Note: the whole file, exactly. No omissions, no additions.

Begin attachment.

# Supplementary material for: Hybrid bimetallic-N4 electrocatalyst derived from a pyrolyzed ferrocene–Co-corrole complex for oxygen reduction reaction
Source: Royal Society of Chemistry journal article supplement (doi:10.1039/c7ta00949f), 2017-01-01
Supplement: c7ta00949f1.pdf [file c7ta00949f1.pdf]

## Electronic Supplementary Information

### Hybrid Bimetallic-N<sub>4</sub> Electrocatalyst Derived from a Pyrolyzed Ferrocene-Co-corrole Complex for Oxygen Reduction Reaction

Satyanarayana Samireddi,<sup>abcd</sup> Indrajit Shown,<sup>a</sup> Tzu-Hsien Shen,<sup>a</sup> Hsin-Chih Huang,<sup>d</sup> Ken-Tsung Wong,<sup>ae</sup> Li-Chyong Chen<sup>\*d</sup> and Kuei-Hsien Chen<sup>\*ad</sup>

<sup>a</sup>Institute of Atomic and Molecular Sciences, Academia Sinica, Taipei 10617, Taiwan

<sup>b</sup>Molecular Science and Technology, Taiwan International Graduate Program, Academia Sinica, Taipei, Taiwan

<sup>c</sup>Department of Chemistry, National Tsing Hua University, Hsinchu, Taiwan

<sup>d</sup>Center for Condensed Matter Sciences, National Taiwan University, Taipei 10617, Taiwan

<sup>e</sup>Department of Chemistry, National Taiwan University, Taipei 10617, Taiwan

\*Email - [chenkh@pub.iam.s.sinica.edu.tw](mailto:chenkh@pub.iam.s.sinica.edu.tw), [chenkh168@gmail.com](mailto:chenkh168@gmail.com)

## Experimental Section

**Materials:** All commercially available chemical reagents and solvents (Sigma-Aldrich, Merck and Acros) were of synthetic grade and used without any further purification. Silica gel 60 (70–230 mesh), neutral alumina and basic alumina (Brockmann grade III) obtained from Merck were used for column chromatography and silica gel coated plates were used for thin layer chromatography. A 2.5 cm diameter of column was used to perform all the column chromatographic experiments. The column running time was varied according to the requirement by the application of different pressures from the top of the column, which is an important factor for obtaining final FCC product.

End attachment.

# Supplementary material for: Hybrid bimetallic-N4 electrocatalyst derived from a pyrolyzed ferrocene–Co-corrole complex for oxygen reduction reaction
Source: Royal Society of Chemistry journal article supplement (doi:10.1039/c7ta00949f), 2017-01-01
Supplement: c7ta00949f1.pdf [file c7ta00949f1.pdf]

## Electronic Supplementary Information

### Hybrid Bimetallic-N<sub>4</sub> Electrocatalyst Derived from a Pyrolyzed Ferrocene-Co-corrole Complex for Oxygen Reduction Reaction

Satyanarayana Samireddi,<sup>abcd</sup> Indrajit Shown,<sup>a</sup> Tzu-Hsien Shen,<sup>a</sup> Hsin-Chih Huang,<sup>d</sup> Ken-Tsung Wong,<sup>ae</sup> Li-Chyong Chen<sup>\*d</sup> and Kuei-Hsien Chen<sup>\*ad</sup>

<sup>a</sup>Institute of Atomic and Molecular Sciences, Academia Sinica, Taipei 10617, Taiwan

<sup>b</sup>Molecular Science and Technology, Taiwan International Graduate Program, Academia Sinica, Taipei, Taiwan

<sup>c</sup>Department of Chemistry, National Tsing Hua University, Hsinchu, Taiwan

<sup>d</sup>Center for Condensed Matter Sciences, National Taiwan University, Taipei 10617, Taiwan

<sup>e</sup>Department of Chemistry, National Taiwan University, Taipei 10617, Taiwan

\*Email - [chenkh@pub.iam.s.sinica.edu.tw](mailto:chenkh@pub.iam.s.sinica.edu.tw), [chenkh168@gmail.com](mailto:chenkh168@gmail.com)

## Experimental Section

**Materials:** All commercially available chemical reagents and solvents (Sigma-Aldrich, Merck and Acros) were of synthetic grade and used without any further purification. Silica gel 60 (70–230 mesh), neutral alumina and basic alumina (Brockmann grade III) obtained from Merck were used for column chromatography and silica gel coated plates were used for thin layer chromatography. A 2.5 cm diameter of column was used to perform all the column chromatographic experiments. The column running time was varied according to the requirement by the application of different pressures from the top of the column, which is an important factor for obtaining final FCC product.